Published September 1973
Polyvinyl chloride is produced mainly by suspension polymerization. The suspending agent, water, facilitates the removal of heat of polymerization but also has drawbacks: it increases the reactor volume required, it has to be removed from the polymer by drying, and it has to be disposed of. This all adds to the investment and operating cost.
Bulk polymerization of PVC was a long time goal of researchers. The technical problems were not solved, however, until the mid-1960s when Pechiney-St. Gobain announced a liquid phase bulk polymerization process that was further improved during the following years, Pechiney-St.Gobain's process operates in two steps: first, the vinyl chloride is polymerized to about 10% conversion at which point the reaction mass is still fluid. Then, the mixture is transferred to special horizontal autoclaves equipped with heavy duty agitators. There, the polymerization is completed. The Pechiney-St. Gobain process, as evaluated by SRI, requires a significantly lower investment than the corresponding suspension process and has also some advantages in utilities consumption.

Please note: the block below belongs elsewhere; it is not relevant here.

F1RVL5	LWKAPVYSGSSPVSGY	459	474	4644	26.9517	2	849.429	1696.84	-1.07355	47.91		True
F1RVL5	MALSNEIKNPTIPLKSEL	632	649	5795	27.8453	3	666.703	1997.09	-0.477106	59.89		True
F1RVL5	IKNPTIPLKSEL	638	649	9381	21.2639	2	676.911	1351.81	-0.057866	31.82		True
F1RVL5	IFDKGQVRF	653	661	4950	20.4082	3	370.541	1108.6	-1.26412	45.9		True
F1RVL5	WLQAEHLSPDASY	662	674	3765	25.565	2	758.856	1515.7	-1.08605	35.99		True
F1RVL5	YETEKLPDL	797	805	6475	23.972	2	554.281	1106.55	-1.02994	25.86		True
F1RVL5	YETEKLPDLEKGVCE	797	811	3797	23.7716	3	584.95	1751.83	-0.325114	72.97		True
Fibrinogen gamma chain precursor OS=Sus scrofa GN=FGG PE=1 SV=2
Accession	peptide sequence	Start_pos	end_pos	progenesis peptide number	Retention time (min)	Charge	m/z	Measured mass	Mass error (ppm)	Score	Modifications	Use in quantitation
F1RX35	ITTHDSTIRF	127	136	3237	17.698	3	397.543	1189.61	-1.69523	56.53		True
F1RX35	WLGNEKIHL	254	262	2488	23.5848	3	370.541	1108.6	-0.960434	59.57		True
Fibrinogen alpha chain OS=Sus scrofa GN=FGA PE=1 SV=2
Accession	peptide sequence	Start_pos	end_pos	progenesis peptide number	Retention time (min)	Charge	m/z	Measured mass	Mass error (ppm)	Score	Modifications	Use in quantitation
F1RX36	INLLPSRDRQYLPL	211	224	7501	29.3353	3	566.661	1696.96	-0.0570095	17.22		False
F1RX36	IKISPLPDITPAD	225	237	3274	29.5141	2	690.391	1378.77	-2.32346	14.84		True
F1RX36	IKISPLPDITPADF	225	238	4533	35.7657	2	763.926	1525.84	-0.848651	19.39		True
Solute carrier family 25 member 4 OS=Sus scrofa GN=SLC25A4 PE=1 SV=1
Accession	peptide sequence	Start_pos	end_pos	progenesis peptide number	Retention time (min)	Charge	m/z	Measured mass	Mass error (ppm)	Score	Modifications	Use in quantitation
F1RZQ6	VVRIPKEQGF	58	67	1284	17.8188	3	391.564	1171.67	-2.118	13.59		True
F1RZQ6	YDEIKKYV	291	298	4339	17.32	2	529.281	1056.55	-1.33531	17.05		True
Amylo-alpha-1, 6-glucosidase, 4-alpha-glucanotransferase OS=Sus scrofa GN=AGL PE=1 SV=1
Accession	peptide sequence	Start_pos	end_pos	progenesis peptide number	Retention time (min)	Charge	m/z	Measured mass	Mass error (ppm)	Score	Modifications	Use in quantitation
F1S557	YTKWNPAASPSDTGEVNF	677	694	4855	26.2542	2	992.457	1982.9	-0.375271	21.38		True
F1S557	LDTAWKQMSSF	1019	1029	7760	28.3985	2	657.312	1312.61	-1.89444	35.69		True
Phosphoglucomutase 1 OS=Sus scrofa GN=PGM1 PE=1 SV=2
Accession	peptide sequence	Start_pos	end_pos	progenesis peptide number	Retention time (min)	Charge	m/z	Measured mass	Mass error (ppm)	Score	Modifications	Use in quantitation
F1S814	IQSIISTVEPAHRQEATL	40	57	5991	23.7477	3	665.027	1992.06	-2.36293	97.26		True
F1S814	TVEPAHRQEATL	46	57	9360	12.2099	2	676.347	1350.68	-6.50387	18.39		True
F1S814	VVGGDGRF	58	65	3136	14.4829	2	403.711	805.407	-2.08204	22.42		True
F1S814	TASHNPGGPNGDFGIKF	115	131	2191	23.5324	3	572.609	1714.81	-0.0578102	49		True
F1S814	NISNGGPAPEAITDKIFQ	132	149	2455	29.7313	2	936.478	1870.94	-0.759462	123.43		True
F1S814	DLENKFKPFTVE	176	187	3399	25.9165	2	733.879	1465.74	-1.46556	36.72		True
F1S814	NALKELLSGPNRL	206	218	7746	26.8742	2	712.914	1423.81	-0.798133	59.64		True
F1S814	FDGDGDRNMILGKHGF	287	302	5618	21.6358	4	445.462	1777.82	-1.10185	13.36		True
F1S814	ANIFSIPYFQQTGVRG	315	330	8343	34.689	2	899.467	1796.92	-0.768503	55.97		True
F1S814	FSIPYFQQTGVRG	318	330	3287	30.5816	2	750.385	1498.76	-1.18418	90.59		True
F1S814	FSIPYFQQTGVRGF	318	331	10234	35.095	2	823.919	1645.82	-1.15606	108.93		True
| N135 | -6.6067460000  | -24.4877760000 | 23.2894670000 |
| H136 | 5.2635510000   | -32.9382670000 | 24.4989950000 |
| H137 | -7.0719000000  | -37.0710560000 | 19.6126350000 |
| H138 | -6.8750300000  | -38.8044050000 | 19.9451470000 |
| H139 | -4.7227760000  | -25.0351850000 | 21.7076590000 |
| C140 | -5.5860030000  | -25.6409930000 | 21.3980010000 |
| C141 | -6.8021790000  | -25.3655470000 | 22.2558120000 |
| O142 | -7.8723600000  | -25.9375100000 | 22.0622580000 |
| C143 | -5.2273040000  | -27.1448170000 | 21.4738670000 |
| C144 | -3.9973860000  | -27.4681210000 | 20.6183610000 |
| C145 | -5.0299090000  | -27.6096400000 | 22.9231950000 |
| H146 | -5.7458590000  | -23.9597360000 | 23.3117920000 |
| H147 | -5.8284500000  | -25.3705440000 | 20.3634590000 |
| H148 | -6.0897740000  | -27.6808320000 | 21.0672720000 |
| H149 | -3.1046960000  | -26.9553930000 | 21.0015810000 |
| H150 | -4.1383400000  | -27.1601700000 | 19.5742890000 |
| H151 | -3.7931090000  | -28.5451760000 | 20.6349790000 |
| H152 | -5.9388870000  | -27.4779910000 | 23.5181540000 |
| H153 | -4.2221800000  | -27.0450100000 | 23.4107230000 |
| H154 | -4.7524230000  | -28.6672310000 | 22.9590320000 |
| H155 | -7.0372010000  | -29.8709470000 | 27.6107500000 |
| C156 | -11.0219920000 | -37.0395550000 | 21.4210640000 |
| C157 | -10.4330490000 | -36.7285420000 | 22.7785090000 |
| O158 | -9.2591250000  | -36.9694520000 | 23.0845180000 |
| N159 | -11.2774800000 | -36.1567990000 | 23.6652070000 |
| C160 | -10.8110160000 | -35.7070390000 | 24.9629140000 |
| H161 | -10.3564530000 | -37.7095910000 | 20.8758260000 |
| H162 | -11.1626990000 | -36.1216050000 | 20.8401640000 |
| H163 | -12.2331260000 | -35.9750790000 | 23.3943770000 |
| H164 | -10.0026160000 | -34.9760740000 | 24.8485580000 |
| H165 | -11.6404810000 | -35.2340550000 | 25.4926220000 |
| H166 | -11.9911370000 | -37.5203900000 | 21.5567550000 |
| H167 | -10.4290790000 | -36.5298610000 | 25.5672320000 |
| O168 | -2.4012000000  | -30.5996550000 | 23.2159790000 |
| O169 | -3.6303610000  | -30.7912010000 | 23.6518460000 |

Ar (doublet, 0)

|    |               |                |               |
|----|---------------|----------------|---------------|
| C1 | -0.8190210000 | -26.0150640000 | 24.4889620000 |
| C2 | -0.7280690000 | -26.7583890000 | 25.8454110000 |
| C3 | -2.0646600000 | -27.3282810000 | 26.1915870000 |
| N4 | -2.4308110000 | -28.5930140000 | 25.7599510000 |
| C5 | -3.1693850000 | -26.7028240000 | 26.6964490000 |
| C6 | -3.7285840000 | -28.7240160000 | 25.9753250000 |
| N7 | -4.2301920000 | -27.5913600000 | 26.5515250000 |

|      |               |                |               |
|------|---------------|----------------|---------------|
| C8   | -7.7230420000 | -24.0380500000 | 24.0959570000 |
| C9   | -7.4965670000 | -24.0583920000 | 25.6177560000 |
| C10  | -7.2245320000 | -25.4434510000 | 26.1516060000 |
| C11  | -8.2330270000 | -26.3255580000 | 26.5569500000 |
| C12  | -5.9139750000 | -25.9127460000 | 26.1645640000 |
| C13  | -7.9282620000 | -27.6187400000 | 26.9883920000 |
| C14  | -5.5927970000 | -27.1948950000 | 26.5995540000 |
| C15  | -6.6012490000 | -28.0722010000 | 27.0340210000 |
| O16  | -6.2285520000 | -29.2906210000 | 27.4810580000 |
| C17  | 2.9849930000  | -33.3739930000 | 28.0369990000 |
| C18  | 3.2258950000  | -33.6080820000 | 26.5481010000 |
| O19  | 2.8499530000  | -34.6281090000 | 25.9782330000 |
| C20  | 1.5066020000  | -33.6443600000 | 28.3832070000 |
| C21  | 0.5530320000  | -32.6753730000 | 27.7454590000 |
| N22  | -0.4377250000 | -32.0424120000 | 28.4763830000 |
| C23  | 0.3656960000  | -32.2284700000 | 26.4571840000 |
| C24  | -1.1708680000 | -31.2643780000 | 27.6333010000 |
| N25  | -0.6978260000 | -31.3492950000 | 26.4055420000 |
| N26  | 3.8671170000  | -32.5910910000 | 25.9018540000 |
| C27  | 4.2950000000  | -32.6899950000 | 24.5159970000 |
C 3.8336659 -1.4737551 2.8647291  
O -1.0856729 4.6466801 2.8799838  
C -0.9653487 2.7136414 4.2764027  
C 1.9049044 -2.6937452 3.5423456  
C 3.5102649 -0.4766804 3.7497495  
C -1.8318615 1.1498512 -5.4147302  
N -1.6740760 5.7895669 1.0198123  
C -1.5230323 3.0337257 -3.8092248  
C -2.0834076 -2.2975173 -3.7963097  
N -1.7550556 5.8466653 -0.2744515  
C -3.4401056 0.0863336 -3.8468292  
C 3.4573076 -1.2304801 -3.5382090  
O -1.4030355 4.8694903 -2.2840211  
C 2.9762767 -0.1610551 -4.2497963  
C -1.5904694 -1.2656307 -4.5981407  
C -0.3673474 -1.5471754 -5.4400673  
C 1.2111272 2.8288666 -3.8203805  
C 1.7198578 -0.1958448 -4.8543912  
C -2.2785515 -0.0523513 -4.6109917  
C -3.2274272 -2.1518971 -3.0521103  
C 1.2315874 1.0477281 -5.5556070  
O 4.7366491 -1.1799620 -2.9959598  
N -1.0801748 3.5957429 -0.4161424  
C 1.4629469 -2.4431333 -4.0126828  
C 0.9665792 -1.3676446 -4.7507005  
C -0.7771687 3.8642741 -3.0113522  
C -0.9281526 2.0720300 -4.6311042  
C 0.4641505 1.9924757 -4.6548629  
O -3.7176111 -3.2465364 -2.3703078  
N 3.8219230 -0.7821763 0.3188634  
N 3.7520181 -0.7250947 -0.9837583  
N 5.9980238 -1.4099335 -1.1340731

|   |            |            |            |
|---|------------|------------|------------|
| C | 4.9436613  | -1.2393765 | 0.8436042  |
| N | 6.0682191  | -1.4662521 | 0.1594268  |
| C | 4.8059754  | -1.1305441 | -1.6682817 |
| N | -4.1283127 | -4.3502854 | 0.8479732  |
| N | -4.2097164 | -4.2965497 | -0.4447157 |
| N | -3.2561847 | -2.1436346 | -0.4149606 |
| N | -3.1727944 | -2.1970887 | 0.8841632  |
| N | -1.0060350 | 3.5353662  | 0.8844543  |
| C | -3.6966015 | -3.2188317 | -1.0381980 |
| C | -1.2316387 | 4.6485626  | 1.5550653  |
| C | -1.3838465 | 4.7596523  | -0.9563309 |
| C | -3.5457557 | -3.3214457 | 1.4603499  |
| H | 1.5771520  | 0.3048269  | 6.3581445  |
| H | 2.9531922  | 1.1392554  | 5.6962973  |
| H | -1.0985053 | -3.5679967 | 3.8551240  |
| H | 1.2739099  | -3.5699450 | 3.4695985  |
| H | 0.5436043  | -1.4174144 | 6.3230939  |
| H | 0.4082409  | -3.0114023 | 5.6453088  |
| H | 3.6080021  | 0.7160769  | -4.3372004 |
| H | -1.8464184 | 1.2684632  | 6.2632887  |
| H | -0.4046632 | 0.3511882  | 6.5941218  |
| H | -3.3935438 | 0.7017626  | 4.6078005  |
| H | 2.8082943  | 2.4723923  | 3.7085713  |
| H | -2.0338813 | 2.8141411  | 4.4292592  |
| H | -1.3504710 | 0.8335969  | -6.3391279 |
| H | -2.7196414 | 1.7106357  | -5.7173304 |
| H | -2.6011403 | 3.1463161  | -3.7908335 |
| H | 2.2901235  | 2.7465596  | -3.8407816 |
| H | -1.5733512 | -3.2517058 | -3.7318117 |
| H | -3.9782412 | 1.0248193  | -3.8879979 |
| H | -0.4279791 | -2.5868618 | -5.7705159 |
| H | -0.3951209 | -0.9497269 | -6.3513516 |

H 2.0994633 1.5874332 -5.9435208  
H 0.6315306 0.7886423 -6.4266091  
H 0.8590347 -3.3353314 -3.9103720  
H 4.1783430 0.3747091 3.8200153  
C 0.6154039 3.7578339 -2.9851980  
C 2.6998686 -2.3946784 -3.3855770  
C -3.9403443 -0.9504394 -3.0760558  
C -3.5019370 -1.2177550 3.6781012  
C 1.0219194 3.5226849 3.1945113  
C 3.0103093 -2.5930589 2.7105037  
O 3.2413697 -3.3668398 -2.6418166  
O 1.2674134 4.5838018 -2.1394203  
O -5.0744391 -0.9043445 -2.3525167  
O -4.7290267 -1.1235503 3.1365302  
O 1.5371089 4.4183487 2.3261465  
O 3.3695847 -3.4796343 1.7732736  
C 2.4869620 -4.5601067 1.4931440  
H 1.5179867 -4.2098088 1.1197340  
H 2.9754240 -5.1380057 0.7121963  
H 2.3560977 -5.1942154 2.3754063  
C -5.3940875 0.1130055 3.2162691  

The development of a superactive initiator by PPG Industries may benefit the suspension process. The new initiator is capable of cutting the reaction time to two hours from five to six hours. Thus, the superfast initiator would further increase the productivity of the very large suspension reactors and further narrow the investment gap between the two process routes, Whether the liquid phase bulk process can profit from a superfast initiator is not clear. The bulk polymerizers are limited in size to about 3,800 gal by fabricating considerations. The heat from these bulk polymerizers is removed through the jacket; it is not clear whether a reflux type cooling could be used effectively with the solidifying polymer mass. On the other hand, a vapor phase bulk polymerization would most likely benefit from the superfast initiator since no equipment size limitation is apparent.